Nan Bush
Nan Bush

As a lifelong Mainline person, I can say that on my occasional visits to "Praise" services, I find the music...well, the kindest word is *thin.* The words are usually badly written, repetitive, and shallow, and the rhymes don't rhyme. Just poor quality. Pretty much ditto for.the music--the kind of melodic lines that a mildly talented high school kid might produce, singable but uninteresting, and shallow; what carries it is the repetitiveness, just like any hypnotic. People get into the rhythm and go riding off on an emotional junket. Maybe it's worshipful, maybe it's just easy emotionality that feels like it's worshipful. As someone else said, I miss a sense of awe or wonder, and thoughtfulness. It doesn't have to be Bach, but some genuinely melodic Welsh hymn tunes or something from the St. Louis Jesuits could be a welcome change. I understand the desire of many people to get away from formality, and to finding relationship with God. However, it's worth remembering that God is not just a good buddy with whom to be all casual all the time.. The approach doesn't have to be super intellectual, but some thoughtful recognition of mystery, and that God/spirit isn't all an easy walk in sunny weather would be really worthwhile.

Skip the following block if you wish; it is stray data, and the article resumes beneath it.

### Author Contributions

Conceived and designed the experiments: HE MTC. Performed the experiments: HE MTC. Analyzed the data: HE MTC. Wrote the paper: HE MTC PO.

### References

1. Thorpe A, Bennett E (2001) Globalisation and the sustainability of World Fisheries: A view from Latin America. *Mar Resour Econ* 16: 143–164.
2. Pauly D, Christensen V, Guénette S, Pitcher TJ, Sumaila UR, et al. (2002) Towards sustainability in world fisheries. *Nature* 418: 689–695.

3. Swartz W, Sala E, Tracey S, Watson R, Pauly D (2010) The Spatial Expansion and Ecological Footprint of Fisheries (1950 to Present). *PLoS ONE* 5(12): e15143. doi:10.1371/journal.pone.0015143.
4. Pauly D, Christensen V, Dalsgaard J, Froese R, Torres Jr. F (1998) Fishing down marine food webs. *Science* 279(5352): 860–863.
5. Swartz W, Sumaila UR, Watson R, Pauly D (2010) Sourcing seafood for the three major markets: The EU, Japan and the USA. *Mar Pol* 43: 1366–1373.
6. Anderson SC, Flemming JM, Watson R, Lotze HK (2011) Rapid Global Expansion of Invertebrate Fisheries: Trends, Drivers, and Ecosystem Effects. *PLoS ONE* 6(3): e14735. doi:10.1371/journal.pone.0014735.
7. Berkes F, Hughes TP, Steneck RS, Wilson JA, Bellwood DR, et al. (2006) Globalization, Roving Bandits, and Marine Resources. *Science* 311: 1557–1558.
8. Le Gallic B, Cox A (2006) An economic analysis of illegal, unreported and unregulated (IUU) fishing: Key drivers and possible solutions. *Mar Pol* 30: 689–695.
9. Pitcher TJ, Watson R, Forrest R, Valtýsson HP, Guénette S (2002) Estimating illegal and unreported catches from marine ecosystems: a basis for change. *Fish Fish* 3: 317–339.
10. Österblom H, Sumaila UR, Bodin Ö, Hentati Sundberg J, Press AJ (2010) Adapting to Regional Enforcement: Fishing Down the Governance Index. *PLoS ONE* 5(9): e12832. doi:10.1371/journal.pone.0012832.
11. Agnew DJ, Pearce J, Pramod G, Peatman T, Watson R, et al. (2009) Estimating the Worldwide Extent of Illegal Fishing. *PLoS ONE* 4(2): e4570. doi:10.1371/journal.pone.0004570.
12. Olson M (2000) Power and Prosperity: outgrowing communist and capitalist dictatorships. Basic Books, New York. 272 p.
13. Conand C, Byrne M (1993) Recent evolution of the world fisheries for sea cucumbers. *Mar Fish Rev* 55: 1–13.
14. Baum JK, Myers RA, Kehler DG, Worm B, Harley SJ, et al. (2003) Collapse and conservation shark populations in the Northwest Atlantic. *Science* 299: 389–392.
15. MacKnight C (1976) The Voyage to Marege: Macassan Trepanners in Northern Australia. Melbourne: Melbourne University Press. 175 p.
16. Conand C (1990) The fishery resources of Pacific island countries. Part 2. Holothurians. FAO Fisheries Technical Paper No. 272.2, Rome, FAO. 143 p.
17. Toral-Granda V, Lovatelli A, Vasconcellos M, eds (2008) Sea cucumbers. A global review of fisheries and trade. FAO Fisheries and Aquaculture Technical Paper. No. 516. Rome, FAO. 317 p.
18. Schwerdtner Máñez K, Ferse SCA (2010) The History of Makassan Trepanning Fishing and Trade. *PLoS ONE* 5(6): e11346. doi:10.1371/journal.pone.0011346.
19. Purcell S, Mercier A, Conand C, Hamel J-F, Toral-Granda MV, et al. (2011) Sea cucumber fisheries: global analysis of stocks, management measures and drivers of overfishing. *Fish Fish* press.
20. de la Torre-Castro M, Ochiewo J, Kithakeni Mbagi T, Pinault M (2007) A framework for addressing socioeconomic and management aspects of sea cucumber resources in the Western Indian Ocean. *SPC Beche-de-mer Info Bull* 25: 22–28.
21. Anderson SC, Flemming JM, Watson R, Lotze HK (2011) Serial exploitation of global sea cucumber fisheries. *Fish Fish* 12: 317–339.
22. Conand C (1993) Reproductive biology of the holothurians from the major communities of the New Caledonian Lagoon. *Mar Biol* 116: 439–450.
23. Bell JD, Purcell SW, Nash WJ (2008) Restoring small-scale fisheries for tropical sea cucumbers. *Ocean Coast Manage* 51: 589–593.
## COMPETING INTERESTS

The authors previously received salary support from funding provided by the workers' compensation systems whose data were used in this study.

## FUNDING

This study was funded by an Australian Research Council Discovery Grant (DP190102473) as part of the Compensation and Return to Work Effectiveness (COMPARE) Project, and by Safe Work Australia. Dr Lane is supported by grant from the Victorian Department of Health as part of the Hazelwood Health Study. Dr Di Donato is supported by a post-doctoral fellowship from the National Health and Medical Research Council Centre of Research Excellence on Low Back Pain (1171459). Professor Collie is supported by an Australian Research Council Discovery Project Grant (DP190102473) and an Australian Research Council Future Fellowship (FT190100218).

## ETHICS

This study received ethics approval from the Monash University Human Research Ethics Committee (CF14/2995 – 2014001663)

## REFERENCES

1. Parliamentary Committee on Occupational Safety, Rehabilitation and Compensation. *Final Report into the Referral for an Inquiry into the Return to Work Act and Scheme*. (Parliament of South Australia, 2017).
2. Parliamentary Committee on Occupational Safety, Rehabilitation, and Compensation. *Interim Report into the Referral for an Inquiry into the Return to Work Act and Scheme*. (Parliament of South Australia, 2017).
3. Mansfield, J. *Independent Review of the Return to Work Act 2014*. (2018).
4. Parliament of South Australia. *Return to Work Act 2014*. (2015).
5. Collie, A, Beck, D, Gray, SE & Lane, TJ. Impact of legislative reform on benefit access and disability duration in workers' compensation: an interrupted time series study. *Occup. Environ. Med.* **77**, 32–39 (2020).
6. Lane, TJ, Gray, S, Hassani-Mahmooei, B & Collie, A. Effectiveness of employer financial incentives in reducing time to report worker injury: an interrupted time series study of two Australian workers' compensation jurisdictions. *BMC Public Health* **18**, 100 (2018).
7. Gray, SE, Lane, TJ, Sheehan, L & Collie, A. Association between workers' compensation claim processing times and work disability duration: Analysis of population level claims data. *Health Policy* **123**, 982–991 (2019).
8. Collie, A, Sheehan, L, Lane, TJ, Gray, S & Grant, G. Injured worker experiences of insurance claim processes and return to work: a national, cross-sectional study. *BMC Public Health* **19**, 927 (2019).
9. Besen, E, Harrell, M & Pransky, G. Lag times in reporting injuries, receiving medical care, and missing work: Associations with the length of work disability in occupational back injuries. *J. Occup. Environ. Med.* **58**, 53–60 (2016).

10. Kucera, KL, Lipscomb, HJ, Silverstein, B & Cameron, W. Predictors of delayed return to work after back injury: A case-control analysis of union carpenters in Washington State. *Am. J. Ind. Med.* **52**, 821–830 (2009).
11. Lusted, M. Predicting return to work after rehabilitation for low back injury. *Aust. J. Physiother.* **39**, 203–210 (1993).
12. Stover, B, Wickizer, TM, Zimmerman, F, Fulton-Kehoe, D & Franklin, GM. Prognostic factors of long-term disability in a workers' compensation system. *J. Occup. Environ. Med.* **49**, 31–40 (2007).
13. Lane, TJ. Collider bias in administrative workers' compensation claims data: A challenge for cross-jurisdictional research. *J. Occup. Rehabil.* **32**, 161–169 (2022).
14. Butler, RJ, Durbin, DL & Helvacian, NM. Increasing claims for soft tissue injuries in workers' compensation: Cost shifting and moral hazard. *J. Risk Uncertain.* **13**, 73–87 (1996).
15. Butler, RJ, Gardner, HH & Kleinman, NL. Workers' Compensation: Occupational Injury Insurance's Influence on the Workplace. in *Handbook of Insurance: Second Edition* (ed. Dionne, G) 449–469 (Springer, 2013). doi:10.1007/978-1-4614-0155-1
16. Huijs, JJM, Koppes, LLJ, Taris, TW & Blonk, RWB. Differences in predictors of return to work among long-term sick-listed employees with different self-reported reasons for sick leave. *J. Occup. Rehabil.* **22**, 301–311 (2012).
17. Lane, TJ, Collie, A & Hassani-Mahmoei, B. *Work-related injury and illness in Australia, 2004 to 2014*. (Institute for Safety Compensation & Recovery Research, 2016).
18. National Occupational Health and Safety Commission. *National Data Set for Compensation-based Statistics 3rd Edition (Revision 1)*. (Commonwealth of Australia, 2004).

JoeyS
JoeyS